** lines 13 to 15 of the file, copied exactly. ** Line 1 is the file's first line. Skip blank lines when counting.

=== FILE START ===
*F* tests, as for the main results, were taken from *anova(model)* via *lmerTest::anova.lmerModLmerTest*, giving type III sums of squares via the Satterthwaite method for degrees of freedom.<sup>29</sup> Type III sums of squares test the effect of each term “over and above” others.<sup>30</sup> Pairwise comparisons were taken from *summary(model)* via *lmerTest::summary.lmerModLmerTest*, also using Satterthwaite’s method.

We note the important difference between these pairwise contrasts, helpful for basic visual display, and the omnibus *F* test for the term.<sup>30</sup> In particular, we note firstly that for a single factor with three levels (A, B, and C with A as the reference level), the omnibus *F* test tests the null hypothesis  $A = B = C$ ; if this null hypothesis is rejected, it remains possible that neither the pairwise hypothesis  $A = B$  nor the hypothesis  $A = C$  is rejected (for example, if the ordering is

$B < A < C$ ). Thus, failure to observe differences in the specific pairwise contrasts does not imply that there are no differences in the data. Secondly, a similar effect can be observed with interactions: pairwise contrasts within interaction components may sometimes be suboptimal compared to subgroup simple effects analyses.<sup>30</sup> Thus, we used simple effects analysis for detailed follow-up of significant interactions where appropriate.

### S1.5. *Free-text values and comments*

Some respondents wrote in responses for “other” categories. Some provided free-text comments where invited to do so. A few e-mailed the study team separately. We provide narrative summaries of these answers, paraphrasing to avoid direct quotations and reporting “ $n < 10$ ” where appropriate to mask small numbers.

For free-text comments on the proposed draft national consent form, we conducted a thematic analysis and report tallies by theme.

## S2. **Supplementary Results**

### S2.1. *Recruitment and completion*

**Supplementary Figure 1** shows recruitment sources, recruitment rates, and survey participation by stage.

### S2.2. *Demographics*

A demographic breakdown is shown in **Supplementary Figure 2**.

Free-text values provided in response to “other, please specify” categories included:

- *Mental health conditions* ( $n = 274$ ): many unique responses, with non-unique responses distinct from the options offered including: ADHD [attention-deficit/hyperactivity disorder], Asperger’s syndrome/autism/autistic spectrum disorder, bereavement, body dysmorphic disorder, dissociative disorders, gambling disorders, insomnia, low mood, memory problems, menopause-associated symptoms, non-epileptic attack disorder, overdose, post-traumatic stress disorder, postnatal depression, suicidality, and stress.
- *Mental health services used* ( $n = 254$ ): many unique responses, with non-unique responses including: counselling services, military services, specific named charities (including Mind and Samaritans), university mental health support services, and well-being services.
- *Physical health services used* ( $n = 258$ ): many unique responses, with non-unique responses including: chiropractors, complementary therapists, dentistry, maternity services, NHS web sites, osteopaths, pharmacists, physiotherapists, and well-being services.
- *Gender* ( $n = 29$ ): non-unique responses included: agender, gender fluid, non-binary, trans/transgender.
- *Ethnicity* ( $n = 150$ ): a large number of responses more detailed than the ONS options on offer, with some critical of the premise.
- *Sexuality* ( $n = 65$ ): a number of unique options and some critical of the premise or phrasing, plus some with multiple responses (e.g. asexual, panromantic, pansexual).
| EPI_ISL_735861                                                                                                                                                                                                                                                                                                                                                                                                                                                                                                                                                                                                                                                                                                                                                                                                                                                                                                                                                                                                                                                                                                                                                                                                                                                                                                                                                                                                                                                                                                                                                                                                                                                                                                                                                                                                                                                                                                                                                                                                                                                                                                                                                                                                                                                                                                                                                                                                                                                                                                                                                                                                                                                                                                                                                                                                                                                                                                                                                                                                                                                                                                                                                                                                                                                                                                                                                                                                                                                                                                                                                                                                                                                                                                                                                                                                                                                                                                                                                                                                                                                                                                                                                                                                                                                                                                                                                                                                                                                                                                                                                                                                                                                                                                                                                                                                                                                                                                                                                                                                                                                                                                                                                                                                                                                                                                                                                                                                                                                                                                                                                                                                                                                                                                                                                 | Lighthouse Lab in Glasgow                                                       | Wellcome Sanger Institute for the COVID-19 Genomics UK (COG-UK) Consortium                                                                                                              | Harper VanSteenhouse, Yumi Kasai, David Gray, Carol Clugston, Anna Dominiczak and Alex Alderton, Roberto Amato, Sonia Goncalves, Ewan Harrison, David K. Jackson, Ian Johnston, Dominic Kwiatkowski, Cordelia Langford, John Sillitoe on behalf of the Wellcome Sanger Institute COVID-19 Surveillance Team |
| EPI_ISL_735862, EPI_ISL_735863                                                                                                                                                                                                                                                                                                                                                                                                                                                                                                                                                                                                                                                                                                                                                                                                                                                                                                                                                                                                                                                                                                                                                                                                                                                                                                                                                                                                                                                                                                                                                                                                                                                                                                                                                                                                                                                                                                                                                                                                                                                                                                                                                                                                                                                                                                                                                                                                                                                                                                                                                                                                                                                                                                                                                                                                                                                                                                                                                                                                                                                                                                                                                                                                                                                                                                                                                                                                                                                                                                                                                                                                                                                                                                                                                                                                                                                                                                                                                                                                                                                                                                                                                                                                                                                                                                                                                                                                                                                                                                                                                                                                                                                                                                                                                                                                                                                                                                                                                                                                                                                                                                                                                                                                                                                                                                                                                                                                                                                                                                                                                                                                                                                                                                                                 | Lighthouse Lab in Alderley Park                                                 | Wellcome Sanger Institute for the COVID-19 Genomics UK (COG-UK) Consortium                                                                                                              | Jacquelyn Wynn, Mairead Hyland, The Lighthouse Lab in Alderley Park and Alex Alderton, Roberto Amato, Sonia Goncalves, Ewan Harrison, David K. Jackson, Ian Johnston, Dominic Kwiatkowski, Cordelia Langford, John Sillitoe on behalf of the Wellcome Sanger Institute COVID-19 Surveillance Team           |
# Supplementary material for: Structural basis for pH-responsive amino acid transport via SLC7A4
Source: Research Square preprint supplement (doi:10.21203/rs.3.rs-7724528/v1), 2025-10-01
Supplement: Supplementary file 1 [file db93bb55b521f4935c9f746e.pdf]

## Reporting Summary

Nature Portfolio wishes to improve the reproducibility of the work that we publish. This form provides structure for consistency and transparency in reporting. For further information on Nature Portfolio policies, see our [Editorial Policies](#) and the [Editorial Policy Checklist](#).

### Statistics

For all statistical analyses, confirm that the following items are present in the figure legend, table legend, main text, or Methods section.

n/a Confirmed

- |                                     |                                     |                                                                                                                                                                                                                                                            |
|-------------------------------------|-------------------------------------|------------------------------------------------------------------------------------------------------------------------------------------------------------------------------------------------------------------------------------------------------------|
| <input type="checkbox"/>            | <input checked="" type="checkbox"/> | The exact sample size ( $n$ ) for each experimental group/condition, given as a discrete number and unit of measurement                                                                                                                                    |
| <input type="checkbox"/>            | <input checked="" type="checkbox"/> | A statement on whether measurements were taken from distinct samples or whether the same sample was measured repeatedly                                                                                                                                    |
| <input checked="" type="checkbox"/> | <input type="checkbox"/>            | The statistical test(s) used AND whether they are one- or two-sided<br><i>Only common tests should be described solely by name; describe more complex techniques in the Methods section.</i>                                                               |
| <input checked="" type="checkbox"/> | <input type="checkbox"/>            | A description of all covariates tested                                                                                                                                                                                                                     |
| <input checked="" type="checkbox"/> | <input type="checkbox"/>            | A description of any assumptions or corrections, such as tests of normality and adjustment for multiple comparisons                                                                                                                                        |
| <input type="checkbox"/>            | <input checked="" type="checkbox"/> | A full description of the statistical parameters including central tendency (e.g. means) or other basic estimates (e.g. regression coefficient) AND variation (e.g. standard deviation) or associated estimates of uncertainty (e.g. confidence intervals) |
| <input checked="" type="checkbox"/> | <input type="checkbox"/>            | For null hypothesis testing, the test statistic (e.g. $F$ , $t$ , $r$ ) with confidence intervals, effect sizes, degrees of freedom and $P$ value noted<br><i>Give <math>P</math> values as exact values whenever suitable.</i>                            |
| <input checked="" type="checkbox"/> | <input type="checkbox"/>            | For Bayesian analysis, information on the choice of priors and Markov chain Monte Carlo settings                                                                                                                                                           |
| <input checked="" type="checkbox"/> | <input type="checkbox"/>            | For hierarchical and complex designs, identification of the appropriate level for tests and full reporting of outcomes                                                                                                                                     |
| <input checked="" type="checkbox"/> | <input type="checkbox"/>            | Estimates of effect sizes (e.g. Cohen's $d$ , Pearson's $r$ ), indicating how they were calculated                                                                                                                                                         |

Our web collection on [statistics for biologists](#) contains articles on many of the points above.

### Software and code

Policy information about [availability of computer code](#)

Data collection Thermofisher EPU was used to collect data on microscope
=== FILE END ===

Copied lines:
- *Mental health conditions* ( $n = 274$ ): many unique responses, with non-unique responses distinct from the options offered including: ADHD [attention-deficit/hyperactivity disorder], Asperger’s syndrome/autism/autistic spectrum disorder, bereavement, body dysmorphic disorder, dissociative disorders, gambling disorders, insomnia, low mood, memory problems, menopause-associated symptoms, non-epileptic attack disorder, overdose, post-traumatic stress disorder, postnatal depression, suicidality, and stress.
- *Mental health services used* ( $n = 254$ ): many unique responses, with non-unique responses including: counselling services, military services, specific named charities (including Mind and Samaritans), university mental health support services, and well-being services.
- *Physical health services used* ( $n = 258$ ): many unique responses, with non-unique responses including: chiropractors, complementary therapists, dentistry, maternity services, NHS web sites, osteopaths, pharmacists, physiotherapists, and well-being services.